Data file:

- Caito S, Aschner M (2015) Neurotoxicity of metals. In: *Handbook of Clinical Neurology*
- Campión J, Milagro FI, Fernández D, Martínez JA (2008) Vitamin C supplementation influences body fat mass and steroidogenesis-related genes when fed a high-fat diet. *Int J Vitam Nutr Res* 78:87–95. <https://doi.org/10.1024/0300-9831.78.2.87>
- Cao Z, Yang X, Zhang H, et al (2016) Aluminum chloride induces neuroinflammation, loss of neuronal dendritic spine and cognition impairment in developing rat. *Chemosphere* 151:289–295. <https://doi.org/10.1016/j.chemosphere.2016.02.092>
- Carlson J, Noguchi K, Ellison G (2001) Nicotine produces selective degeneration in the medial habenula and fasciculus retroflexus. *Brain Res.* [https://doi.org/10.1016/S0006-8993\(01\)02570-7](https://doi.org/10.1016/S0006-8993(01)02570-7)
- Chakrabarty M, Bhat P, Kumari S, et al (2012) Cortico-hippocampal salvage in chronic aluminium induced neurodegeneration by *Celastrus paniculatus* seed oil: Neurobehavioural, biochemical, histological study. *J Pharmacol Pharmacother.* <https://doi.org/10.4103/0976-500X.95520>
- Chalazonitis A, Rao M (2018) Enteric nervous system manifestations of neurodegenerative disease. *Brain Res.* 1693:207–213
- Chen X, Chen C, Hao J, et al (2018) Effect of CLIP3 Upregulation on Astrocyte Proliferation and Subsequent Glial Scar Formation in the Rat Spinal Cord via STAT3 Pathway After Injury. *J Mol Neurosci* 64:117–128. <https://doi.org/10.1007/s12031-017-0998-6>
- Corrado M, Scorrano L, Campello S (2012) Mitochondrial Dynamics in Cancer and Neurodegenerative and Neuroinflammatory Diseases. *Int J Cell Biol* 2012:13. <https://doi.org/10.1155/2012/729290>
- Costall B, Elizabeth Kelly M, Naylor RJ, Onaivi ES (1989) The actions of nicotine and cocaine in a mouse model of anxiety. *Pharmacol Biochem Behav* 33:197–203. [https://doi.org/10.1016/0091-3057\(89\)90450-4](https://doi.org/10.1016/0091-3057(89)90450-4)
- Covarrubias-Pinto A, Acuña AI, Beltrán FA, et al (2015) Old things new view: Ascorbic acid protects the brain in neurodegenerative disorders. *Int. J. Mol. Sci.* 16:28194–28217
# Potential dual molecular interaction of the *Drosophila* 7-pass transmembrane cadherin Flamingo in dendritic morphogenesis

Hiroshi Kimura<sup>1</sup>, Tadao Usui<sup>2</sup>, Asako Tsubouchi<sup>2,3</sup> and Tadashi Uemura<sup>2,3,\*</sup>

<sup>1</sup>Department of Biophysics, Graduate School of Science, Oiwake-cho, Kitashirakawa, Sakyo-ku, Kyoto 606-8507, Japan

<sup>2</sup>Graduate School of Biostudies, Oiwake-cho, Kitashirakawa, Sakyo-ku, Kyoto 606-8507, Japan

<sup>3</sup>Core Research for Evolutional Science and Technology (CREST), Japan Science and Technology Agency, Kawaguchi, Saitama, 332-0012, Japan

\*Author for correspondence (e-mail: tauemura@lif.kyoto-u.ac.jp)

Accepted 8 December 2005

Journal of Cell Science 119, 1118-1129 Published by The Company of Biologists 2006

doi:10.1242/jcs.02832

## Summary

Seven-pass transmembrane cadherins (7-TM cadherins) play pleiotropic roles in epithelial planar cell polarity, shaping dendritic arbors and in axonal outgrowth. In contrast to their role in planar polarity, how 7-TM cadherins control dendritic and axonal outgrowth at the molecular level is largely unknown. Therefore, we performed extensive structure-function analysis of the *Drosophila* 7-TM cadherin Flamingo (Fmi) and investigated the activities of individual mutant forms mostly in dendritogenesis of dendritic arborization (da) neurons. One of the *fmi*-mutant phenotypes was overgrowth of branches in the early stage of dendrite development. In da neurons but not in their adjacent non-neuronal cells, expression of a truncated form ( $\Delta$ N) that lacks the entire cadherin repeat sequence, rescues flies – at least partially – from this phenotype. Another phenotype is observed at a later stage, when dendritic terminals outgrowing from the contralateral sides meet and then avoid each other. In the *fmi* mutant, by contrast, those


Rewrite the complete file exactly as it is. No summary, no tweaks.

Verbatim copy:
- Caito S, Aschner M (2015) Neurotoxicity of metals. In: *Handbook of Clinical Neurology*
- Campión J, Milagro FI, Fernández D, Martínez JA (2008) Vitamin C supplementation influences body fat mass and steroidogenesis-related genes when fed a high-fat diet. *Int J Vitam Nutr Res* 78:87–95. <https://doi.org/10.1024/0300-9831.78.2.87>
- Cao Z, Yang X, Zhang H, et al (2016) Aluminum chloride induces neuroinflammation, loss of neuronal dendritic spine and cognition impairment in developing rat. *Chemosphere* 151:289–295. <https://doi.org/10.1016/j.chemosphere.2016.02.092>
- Carlson J, Noguchi K, Ellison G (2001) Nicotine produces selective degeneration in the medial habenula and fasciculus retroflexus. *Brain Res.* [https://doi.org/10.1016/S0006-8993\(01\)02570-7](https://doi.org/10.1016/S0006-8993(01)02570-7)
- Chakrabarty M, Bhat P, Kumari S, et al (2012) Cortico-hippocampal salvage in chronic aluminium induced neurodegeneration by *Celastrus paniculatus* seed oil: Neurobehavioural, biochemical, histological study. *J Pharmacol Pharmacother.* <https://doi.org/10.4103/0976-500X.95520>
- Chalazonitis A, Rao M (2018) Enteric nervous system manifestations of neurodegenerative disease. *Brain Res.* 1693:207–213
- Chen X, Chen C, Hao J, et al (2018) Effect of CLIP3 Upregulation on Astrocyte Proliferation and Subsequent Glial Scar Formation in the Rat Spinal Cord via STAT3 Pathway After Injury. *J Mol Neurosci* 64:117–128. <https://doi.org/10.1007/s12031-017-0998-6>
- Corrado M, Scorrano L, Campello S (2012) Mitochondrial Dynamics in Cancer and Neurodegenerative and Neuroinflammatory Diseases. *Int J Cell Biol* 2012:13. <https://doi.org/10.1155/2012/729290>
- Costall B, Elizabeth Kelly M, Naylor RJ, Onaivi ES (1989) The actions of nicotine and cocaine in a mouse model of anxiety. *Pharmacol Biochem Behav* 33:197–203. [https://doi.org/10.1016/0091-3057\(89\)90450-4](https://doi.org/10.1016/0091-3057(89)90450-4)
- Covarrubias-Pinto A, Acuña AI, Beltrán FA, et al (2015) Old things new view: Ascorbic acid protects the brain in neurodegenerative disorders. *Int. J. Mol. Sci.* 16:28194–28217
# Potential dual molecular interaction of the *Drosophila* 7-pass transmembrane cadherin Flamingo in dendritic morphogenesis

Hiroshi Kimura<sup>1</sup>, Tadao Usui<sup>2</sup>, Asako Tsubouchi<sup>2,3</sup> and Tadashi Uemura<sup>2,3,\*</sup>

<sup>1</sup>Department of Biophysics, Graduate School of Science, Oiwake-cho, Kitashirakawa, Sakyo-ku, Kyoto 606-8507, Japan

<sup>2</sup>Graduate School of Biostudies, Oiwake-cho, Kitashirakawa, Sakyo-ku, Kyoto 606-8507, Japan

<sup>3</sup>Core Research for Evolutional Science and Technology (CREST), Japan Science and Technology Agency, Kawaguchi, Saitama, 332-0012, Japan

\*Author for correspondence (e-mail: tauemura@lif.kyoto-u.ac.jp)

Accepted 8 December 2005

Journal of Cell Science 119, 1118-1129 Published by The Company of Biologists 2006

doi:10.1242/jcs.02832

## Summary

Seven-pass transmembrane cadherins (7-TM cadherins) play pleiotropic roles in epithelial planar cell polarity, shaping dendritic arbors and in axonal outgrowth. In contrast to their role in planar polarity, how 7-TM cadherins control dendritic and axonal outgrowth at the molecular level is largely unknown. Therefore, we performed extensive structure-function analysis of the *Drosophila* 7-TM cadherin Flamingo (Fmi) and investigated the activities of individual mutant forms mostly in dendritogenesis of dendritic arborization (da) neurons. One of the *fmi*-mutant phenotypes was overgrowth of branches in the early stage of dendrite development. In da neurons but not in their adjacent non-neuronal cells, expression of a truncated form ( $\Delta$ N) that lacks the entire cadherin repeat sequence, rescues flies – at least partially – from this phenotype. Another phenotype is observed at a later stage, when dendritic terminals outgrowing from the contralateral sides meet and then avoid each other. In the *fmi* mutant, by contrast, those